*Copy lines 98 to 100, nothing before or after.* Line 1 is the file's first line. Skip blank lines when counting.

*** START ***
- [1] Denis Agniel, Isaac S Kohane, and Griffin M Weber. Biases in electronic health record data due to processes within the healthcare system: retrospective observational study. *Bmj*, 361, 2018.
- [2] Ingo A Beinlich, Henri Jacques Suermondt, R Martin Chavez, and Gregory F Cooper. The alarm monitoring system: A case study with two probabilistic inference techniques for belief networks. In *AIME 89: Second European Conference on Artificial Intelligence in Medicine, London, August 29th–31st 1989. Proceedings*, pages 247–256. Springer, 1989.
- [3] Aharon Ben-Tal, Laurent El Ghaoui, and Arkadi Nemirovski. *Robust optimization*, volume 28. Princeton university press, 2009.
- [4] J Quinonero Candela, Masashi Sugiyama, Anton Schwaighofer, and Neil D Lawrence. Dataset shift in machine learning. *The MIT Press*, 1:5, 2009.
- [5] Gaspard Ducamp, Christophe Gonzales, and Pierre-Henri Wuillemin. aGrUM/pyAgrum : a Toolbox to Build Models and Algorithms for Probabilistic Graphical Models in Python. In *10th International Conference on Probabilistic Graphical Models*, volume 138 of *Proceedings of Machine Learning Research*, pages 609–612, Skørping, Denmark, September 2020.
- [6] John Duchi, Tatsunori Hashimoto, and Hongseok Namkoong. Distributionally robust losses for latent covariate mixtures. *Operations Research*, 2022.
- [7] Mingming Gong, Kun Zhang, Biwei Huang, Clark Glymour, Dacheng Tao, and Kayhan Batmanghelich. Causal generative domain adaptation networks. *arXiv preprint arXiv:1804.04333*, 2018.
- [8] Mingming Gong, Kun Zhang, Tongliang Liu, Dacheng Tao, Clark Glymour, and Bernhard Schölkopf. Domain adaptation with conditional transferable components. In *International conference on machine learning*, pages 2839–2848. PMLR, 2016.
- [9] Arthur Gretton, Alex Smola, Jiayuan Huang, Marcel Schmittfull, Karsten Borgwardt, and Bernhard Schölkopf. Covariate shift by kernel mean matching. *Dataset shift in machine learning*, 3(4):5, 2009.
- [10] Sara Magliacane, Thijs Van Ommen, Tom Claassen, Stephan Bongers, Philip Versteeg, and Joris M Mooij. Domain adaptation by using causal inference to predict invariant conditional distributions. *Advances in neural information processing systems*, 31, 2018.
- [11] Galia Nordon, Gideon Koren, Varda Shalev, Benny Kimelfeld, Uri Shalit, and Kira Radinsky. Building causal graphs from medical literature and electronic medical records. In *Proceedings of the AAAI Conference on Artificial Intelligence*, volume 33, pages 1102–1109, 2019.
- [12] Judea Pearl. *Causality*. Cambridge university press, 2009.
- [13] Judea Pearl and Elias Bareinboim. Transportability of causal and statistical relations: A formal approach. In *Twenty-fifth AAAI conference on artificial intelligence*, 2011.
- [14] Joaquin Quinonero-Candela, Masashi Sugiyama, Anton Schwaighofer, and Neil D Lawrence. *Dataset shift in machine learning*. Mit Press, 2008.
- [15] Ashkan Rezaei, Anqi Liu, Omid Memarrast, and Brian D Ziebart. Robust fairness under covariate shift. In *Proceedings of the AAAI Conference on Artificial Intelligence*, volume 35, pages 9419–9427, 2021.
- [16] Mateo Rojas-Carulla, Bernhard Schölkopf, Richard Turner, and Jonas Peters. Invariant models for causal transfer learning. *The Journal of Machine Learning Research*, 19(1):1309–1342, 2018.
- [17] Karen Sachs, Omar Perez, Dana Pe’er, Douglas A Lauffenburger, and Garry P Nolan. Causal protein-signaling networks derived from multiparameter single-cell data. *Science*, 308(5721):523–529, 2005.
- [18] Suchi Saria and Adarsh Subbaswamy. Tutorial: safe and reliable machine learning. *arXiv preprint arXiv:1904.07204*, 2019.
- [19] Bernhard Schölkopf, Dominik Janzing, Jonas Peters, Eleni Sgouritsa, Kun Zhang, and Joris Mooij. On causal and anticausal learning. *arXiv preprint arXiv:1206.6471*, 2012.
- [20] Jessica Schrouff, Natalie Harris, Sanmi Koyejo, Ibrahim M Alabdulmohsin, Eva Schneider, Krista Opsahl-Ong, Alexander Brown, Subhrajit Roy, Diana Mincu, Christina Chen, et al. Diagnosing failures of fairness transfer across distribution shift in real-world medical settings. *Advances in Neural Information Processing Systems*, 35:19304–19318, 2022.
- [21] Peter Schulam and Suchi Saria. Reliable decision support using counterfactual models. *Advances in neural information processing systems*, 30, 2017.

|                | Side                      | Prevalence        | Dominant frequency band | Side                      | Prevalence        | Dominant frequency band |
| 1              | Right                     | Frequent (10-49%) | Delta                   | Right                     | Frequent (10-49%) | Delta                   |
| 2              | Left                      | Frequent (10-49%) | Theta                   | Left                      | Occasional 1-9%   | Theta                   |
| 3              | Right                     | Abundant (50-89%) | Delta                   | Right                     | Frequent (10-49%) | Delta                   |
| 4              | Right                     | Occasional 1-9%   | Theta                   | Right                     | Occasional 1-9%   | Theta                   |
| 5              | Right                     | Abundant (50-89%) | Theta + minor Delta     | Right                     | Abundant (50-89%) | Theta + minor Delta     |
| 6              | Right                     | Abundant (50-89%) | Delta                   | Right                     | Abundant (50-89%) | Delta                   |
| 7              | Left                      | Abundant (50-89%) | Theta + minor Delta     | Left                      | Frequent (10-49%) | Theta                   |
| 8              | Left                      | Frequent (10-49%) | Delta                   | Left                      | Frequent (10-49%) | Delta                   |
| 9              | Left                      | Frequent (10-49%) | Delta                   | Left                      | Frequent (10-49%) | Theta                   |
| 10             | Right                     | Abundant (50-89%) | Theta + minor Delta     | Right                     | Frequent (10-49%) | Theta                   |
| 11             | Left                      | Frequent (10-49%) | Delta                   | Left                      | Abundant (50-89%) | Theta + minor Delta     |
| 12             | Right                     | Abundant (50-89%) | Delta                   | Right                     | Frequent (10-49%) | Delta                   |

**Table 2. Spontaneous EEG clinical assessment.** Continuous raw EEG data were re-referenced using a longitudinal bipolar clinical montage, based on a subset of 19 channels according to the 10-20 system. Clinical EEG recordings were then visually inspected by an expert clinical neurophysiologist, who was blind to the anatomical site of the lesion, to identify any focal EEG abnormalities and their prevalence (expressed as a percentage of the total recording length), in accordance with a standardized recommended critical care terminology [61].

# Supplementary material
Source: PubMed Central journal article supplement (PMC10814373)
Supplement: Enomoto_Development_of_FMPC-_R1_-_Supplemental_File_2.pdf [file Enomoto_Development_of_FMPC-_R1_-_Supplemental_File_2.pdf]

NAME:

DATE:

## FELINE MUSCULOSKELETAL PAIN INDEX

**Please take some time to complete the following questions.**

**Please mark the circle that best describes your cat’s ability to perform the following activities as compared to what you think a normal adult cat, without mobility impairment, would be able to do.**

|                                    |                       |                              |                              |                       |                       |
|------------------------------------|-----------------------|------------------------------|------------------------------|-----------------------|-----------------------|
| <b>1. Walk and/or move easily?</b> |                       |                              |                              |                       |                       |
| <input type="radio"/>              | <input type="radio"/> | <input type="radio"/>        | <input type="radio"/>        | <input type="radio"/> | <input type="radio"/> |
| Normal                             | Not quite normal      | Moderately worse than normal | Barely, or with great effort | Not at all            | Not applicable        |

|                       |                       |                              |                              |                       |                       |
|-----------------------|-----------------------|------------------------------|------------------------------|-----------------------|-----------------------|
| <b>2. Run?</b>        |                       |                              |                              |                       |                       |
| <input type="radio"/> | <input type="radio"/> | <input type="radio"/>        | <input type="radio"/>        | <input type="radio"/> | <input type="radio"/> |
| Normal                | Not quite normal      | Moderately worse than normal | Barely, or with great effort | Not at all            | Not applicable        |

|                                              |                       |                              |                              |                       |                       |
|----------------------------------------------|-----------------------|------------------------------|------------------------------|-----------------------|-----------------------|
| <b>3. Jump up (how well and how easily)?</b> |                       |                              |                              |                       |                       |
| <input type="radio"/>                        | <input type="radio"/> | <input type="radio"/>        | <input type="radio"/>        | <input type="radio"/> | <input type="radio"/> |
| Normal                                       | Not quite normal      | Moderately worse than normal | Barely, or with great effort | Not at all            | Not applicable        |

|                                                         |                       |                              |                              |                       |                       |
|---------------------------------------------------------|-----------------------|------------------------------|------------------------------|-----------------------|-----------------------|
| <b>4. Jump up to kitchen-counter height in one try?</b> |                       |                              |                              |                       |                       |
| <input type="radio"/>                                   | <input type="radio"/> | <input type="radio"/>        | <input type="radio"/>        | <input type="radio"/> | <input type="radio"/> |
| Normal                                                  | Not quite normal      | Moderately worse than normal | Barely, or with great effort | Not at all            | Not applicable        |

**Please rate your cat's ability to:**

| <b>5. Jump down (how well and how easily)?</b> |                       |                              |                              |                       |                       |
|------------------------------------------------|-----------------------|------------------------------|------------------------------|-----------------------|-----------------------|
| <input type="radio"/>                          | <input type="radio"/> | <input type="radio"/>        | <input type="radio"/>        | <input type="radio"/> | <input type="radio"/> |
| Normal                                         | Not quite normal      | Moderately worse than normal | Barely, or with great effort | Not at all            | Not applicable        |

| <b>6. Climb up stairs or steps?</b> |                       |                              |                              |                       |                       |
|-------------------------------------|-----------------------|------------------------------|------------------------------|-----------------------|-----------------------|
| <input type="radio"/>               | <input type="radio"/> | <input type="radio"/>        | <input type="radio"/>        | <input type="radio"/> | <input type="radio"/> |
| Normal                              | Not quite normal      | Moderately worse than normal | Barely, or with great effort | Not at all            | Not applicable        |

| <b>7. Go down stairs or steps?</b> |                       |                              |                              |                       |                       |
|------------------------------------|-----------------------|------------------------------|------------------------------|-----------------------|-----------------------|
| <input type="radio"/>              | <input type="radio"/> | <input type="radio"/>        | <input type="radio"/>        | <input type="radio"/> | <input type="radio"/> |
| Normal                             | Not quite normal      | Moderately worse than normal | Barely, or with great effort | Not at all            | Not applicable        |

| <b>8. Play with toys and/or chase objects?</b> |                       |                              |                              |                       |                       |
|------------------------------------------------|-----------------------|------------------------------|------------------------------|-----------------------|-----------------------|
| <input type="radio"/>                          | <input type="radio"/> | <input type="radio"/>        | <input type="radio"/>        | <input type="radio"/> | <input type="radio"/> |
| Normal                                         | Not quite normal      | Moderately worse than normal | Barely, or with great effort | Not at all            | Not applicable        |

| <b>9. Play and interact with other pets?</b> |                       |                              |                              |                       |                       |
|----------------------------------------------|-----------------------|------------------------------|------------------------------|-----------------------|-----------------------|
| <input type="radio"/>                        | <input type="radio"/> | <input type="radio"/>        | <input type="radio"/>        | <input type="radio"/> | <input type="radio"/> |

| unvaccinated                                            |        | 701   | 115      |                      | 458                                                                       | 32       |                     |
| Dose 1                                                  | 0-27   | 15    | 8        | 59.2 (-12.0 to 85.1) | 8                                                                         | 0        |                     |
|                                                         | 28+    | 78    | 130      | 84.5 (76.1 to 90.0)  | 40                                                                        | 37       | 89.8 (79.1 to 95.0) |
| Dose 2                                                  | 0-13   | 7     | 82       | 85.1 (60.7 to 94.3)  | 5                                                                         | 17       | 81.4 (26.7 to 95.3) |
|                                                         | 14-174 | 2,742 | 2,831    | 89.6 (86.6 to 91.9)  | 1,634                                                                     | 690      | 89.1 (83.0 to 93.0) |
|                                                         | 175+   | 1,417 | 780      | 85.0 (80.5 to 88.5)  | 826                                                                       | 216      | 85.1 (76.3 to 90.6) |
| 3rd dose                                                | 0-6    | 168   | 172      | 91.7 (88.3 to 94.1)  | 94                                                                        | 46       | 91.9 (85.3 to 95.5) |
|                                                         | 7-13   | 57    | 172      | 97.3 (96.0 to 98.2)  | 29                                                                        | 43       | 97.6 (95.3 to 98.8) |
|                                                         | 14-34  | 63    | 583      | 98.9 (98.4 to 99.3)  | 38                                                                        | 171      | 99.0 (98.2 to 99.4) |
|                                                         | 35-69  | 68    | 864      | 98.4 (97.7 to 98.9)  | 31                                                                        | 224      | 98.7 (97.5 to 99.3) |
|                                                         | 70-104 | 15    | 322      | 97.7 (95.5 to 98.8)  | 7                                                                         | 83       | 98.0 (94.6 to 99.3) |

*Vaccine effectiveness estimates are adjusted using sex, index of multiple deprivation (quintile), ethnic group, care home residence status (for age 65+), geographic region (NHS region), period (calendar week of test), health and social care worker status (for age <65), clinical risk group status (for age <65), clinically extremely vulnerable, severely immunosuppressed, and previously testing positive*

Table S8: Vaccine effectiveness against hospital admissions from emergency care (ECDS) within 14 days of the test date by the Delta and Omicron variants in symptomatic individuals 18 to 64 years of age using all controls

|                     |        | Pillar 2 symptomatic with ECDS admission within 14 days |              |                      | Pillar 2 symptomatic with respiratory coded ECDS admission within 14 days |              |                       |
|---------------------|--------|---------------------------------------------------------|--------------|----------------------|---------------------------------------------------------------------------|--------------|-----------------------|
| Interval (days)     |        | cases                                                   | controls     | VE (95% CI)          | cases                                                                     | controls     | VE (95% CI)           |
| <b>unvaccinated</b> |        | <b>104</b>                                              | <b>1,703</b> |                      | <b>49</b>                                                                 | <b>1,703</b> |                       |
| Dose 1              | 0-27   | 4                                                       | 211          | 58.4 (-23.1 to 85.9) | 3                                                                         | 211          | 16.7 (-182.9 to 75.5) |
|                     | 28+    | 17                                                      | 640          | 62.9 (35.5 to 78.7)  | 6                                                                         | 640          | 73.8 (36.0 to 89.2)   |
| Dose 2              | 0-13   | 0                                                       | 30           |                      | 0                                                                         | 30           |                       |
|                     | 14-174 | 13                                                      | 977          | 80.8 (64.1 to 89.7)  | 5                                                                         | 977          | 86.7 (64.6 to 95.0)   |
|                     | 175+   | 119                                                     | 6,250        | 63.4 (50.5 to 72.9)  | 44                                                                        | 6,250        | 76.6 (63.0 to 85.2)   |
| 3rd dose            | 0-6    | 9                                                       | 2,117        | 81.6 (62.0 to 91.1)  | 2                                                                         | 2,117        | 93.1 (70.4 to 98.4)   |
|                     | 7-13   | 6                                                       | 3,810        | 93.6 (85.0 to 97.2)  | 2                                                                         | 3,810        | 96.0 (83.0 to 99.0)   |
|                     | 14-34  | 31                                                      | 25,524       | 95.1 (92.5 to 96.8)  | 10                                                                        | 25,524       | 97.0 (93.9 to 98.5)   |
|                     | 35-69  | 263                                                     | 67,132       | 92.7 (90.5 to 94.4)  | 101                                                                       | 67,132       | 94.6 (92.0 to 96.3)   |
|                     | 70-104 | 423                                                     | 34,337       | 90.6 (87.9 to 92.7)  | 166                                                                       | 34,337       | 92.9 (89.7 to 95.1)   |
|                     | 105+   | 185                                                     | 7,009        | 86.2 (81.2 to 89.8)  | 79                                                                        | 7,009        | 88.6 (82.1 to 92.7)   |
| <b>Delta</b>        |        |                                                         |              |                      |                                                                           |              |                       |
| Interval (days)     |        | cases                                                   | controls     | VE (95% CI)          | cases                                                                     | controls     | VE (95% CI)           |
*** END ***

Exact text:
|---------------------|--------|---------------------------------------------------------|--------------|----------------------|---------------------------------------------------------------------------|--------------|-----------------------|
| Interval (days)     |        | cases                                                   | controls     | VE (95% CI)          | cases                                                                     | controls     | VE (95% CI)           |
| <b>unvaccinated</b> |        | <b>104</b>                                              | <b>1,703</b> |                      | <b>49</b>                                                                 | <b>1,703</b> |                       |